It's a subtle mental shift, but it's an absolutely brilliant way of thinking about a co-op game. When playing, the two of us were seamlessly shifting between characters as we constantly discussed possible solutions to each puzzle. The specific character under control became irrelevant. There were no individual scores or custom goals that pushed us in opposite directions. We were two complete strangers, and we were playing as one integrated team because that's how the design of the game encouraged us to play.

This type of gameplay setup should also prove to be quite appealing in homes with a mix of younger and older players. If you hit a point where one person is stuck, another in the group can take control and get past the problem point. Then you can swap control back. It's simple and effective.

Unlike many older adventure games, The Cave isn't point-and-click. Instead, characters are controlled in real time. This introduces some basic platforming elements to the gameplay, but based on the demo level, The Cave is still an adventure game at heart. Most importantly, it hasn't lost the "juggle inventory to get past crazy obstacles" that is the core of any good adventure title.

Before entering The Cave, you have to select three of the seven adventurers. Any of the adventurers can be used to explore the generic areas, but entering the character-specific themed areas requires having the corresponding character in your party. For example, the carnival level we played through was part of the hillbilly's story. In order to enter this level, you need him. Near the edge of the carnival area, we could sneak a peek of the castle, but because the knight was not in our group, we weren't getting in. Playing through the entirety of The Cave will require at least three separate playthroughs.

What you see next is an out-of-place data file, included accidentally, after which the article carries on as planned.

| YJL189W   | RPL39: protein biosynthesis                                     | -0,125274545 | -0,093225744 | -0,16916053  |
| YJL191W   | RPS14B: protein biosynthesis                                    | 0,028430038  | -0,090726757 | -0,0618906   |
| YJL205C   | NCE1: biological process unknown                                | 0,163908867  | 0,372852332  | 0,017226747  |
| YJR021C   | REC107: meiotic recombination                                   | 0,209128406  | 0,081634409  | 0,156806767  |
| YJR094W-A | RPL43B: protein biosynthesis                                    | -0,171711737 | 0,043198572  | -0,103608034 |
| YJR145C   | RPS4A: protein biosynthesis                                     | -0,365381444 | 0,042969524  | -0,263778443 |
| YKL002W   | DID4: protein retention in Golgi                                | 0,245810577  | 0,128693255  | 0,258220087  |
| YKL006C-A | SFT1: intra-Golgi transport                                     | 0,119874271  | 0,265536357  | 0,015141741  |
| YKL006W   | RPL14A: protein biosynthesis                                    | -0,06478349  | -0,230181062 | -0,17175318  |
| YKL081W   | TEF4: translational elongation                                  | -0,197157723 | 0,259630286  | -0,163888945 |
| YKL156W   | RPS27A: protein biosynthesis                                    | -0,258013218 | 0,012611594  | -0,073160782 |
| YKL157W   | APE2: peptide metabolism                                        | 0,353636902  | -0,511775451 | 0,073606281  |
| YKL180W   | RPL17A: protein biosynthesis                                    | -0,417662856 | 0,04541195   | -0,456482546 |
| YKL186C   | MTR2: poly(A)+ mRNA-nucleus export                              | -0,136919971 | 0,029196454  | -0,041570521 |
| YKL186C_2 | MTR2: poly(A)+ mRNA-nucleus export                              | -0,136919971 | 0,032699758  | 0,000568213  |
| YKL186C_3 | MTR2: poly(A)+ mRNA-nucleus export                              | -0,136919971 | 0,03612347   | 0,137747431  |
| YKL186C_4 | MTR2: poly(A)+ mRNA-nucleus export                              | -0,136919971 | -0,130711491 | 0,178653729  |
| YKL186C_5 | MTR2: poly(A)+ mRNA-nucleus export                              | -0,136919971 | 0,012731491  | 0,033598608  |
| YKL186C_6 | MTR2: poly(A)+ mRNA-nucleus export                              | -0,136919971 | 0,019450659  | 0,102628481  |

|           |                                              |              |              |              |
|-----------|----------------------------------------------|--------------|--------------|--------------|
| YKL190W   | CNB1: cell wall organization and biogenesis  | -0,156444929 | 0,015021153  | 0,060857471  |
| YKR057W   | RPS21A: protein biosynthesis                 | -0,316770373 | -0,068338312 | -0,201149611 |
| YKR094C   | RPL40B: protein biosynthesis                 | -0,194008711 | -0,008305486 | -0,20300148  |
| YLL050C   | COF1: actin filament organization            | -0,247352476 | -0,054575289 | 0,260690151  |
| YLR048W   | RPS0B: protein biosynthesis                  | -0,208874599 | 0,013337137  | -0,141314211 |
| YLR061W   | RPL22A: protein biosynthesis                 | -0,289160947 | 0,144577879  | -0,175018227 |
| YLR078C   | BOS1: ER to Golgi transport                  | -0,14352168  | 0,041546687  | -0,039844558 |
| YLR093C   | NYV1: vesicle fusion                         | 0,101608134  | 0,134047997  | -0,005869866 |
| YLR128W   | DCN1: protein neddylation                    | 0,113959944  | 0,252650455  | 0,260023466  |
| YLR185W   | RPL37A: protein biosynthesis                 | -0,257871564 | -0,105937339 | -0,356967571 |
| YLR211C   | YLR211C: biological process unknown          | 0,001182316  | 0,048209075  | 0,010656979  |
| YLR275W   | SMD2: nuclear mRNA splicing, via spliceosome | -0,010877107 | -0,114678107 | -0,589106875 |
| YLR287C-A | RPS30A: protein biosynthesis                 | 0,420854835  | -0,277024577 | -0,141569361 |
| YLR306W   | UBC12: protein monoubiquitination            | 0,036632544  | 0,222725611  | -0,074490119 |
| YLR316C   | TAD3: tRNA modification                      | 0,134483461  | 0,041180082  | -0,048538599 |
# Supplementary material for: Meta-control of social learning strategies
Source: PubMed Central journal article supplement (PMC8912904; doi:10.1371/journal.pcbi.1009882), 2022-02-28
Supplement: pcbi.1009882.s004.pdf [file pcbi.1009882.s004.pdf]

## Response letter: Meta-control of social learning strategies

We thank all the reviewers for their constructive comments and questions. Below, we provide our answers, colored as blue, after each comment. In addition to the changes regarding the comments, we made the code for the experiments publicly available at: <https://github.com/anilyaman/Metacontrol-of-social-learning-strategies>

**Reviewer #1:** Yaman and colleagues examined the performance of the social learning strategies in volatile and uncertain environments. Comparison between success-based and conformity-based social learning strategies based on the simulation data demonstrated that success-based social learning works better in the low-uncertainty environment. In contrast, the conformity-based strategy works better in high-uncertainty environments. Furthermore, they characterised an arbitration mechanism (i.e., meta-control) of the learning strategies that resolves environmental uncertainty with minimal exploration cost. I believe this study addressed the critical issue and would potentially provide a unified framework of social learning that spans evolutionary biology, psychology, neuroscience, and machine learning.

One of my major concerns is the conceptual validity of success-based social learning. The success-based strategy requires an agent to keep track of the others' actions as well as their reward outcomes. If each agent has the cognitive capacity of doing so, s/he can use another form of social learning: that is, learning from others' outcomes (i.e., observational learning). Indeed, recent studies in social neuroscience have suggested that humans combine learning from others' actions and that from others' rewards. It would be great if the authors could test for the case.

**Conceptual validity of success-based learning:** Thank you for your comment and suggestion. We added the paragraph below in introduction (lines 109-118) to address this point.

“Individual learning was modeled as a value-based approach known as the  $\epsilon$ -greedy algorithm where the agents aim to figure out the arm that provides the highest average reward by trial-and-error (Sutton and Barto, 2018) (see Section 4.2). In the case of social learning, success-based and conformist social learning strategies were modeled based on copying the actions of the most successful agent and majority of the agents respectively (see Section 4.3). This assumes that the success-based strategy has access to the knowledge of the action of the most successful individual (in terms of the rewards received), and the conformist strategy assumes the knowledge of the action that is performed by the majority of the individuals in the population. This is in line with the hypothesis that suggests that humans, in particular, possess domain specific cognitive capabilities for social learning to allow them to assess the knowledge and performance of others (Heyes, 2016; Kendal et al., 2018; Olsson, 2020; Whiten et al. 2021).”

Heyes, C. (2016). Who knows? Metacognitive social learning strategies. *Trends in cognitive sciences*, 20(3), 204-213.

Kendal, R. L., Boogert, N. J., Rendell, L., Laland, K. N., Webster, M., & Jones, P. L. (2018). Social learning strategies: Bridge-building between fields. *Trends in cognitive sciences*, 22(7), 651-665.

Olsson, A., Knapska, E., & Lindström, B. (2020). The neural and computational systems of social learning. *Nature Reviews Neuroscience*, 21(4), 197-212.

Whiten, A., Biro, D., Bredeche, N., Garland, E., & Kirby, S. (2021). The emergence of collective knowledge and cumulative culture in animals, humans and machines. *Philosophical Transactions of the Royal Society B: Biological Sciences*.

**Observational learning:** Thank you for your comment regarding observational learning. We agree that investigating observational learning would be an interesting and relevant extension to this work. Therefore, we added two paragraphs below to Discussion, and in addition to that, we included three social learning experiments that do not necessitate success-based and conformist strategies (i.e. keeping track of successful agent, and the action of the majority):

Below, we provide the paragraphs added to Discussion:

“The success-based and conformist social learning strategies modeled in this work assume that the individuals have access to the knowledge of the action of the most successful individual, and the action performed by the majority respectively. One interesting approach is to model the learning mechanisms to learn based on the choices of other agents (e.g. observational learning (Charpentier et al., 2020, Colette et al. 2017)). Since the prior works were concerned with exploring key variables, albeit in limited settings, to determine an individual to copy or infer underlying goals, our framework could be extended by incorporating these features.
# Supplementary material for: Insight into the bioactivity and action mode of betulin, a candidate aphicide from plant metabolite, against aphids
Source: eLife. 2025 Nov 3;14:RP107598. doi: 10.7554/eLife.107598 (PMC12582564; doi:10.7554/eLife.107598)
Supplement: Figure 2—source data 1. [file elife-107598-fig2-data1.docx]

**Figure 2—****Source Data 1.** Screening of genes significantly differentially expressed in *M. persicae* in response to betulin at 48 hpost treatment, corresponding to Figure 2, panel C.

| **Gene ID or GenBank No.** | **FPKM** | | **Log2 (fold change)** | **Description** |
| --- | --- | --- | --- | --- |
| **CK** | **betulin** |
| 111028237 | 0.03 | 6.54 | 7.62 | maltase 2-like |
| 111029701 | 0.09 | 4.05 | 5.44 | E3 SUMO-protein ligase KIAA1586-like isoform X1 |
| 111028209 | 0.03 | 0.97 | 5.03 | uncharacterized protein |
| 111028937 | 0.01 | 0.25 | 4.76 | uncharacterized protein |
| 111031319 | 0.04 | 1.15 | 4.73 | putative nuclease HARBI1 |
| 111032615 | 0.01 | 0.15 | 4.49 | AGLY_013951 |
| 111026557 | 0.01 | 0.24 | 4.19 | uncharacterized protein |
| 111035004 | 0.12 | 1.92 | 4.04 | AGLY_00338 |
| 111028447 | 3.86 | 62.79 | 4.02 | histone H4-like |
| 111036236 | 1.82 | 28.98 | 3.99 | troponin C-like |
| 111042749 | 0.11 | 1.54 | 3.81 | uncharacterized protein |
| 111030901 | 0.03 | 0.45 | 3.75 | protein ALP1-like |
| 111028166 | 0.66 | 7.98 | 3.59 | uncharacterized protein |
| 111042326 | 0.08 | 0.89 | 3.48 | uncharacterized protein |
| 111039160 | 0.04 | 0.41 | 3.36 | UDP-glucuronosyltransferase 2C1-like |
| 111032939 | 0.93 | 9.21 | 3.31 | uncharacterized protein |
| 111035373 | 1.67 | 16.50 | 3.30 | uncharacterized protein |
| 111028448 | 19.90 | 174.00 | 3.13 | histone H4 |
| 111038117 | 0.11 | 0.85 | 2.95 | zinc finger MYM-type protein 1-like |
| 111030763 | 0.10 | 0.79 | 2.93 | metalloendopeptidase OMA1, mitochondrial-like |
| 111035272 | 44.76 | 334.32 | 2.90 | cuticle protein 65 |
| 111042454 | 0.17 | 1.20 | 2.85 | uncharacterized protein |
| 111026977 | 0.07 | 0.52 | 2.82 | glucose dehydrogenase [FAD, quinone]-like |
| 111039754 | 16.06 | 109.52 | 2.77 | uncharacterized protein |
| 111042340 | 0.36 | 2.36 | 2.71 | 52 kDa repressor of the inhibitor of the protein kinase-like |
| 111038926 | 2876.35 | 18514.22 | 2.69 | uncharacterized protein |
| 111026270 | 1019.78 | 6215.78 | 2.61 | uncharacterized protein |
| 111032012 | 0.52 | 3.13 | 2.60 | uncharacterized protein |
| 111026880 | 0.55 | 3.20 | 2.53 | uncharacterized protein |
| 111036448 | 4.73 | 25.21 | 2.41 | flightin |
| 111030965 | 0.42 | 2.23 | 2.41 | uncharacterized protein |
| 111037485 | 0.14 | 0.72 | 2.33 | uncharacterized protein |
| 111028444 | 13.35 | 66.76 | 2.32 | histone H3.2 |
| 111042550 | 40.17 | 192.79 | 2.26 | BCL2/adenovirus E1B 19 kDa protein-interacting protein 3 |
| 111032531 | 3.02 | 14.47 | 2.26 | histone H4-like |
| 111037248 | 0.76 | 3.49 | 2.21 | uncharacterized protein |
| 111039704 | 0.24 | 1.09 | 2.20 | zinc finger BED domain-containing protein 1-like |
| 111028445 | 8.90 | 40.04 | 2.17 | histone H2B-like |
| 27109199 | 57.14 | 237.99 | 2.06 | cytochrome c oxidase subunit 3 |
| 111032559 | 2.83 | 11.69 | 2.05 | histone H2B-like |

Because each character has a special power, who you select also determines which solutions are available to you. While every puzzle can be solved by a group of three characters, some extra solutions open up if the correct characters are on hand. We saw this in the carnival when we needed to acquire a sledgehammer. Located behind a group of carnies, one solution involved activating an attraction that advertised exotically clothed lady folk. This would distract the carnies and let us pass. Another, more elegant solution, involved using the monk's telekinesis to grab the sledgehammer and float it over the heads of the group.

Even though it was a single element of a larger puzzle, the sledgehammer was still a rather simple challenge. Puzzles in The Cave can get somewhat Rube Goldberg-esque, such as winning the color wheel challenge. Doing this involved climbing up a Ferris wheel, shutting down power to a generator, stealing a fuse, using that to power up a robotic fortune teller, having him predict the next color, then quickly choosing that color and spinning the wheel to win.

Perhaps the most interesting thing we took away from the demo was the simple joy of playing what felt like an old-school adventure game. While it shouldn't be a complete surprise, given where Ron Gilbert and Tim Schafer cut their teeth, playing The Cave feels a lot like diving into one of the classic LucasArts adventure titles. It's not something that's easy to quantify, as there's no single thing that stands out. Taken together, however — the art, the interaction of the characters, the pacing — it feels perfectly in line with the style of games that came out of LucasArts in the late '80s and early '90s. Whether you're an adventure game aficionado or a newbie to the genre, it looks like there will be plenty to like in The Cave.